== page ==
Just to point out as well, for the charity I volunteered for they had to pay to dump the crap they couldn’t sell, don’t know if that’s the case for all charities but certainly it was a big financial burden that a charity shouldn’t incur for the sake of someone stopping and thinking about what they are donating….

  17. Great post! I cannot believe some people would donate this stuff – there are no words!

  18. I used to volunteer at an Oxfam shop, worst I ever saw was someone who obviously couldn’t be bothered to unpack after a holiday so dumped their whole suitcase, complete with dirty underwear and used sanitary towels. Needless to say the whole lot went in the bin.

  19. Sorting through the necklaces in a local charity shop I came across one with a ‘Karma Sutra’ theme. Laughingly, I pointed it out to the ladies behind the till and their reaction was one of a Mother Superior on a prudish day. They snatched it away and buried it in the back of the shop somewhere. And I was going to buy it and sell it on ebay!

  20. Why oh why do people donate half used products like shampoo, hairspray and bubble bath to the charity shops? And why on earth do the shops (not usually Oxfam or BHF) sell them for £1-2 each! Who would pay that for half a bottle of Avon or Superdrug bubble bath!?

  21. Am just back from a CS shift and yes we’ve had all of those in the past!!

    Baby clothes which are caked in puke/poo appear quite often – hence we wear gloves when we are sorting.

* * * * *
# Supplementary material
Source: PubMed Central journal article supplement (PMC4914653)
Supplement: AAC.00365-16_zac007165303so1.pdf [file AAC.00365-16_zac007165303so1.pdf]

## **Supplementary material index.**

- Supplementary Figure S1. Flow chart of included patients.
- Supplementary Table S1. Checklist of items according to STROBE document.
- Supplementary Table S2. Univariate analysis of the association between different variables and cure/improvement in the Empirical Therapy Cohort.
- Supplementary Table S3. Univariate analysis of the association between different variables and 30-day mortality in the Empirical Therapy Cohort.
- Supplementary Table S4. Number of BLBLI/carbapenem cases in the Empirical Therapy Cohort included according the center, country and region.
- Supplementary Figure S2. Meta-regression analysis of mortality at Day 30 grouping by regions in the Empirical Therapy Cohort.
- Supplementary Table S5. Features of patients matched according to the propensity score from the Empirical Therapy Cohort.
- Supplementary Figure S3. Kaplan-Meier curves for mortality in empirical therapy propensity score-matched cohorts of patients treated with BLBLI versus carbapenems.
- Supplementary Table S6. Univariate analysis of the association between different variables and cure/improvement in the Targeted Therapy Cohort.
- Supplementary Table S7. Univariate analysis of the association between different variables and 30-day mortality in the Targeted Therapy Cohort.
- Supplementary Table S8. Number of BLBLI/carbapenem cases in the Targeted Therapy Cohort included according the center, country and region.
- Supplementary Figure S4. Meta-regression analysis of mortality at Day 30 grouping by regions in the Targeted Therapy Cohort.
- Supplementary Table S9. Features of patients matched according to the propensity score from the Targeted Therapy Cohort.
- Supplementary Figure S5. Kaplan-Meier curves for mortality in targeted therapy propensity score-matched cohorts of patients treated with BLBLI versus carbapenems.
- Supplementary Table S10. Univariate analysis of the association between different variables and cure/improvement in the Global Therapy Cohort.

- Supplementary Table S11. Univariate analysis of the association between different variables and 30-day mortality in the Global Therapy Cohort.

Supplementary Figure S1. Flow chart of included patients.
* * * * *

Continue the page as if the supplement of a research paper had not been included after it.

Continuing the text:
22. That is shocking! Car seats I can maybe understand someone not knowing, why you would EVER donate clothes that are soiled or sex toys though is beyond me. Disgusting.

  23. Oh crumbs, I wondered where the bag with my giant whizzy whopper in got too…


  24. One thing I saw in a chazza that’s always stuck in my mind was a lacy red and black set of crotchless knickers and peep hole bra – it was hanging behind the counter and looked so wonderfully out of place behind the fluffy old lady who was working on the till.

  25. You lot are weird. I ALWAYS buy puked covered clothes from charity shops, although I stopped paying for the false teeth when I realised some still have Weetabix stuck to them. It saves me so much money. And why go to Ann Summers when you can bulk buy your love machines second hand? Quick wipe with some crusty knickers (someone else’s) and you are good to go.


  26. Some of my favourites from my days working in a charity shop:

    Odd shoes
    Dodgy video tapes
    Teapot with the handle broken off

    Totally agree with Vintage Vicki- gloves are a must!

  27. These are really good tips, hopefully those with common sense wouldn’t donate these items anyway, but I didn’t know that they’d accept ripped/holey stuff! Thanks for that :) x

  28. I wouldn’t dream of donating items like those! I see donating to charity shops as a way of repaying them for the joy of the items I buy from them for such a lovely low price(if that makes any sense). Right now I have a big bag of washed and dried clothes ready to donate asap :)

  29. They also can’t sell prams, pushchairs or bikes for the same reasons as car seats. and no soft toys withour the kitemark!

  30. one of my favourite stories from my 20 years charity retail experience was of the CRUK shop in Bletchley. One of the volunteers picked up a rather phallic-looking item that had been donated and started waving it around saying “Oooo, look, it’s one of them vibrators” before the ex-service shop manager told her very calmly to put it down.

    She called the bomb squad and the entire parade was evacuated whilst they checked out what was in fact anm artillery shell :D

  31. I feel terrible now because I have binned lots of clothes that were ripped/torn thinking they wouldn’t be suitable for charity shops. It never occured to me that they might sell the fabric. Will make sure I put together a “rag man” bag next time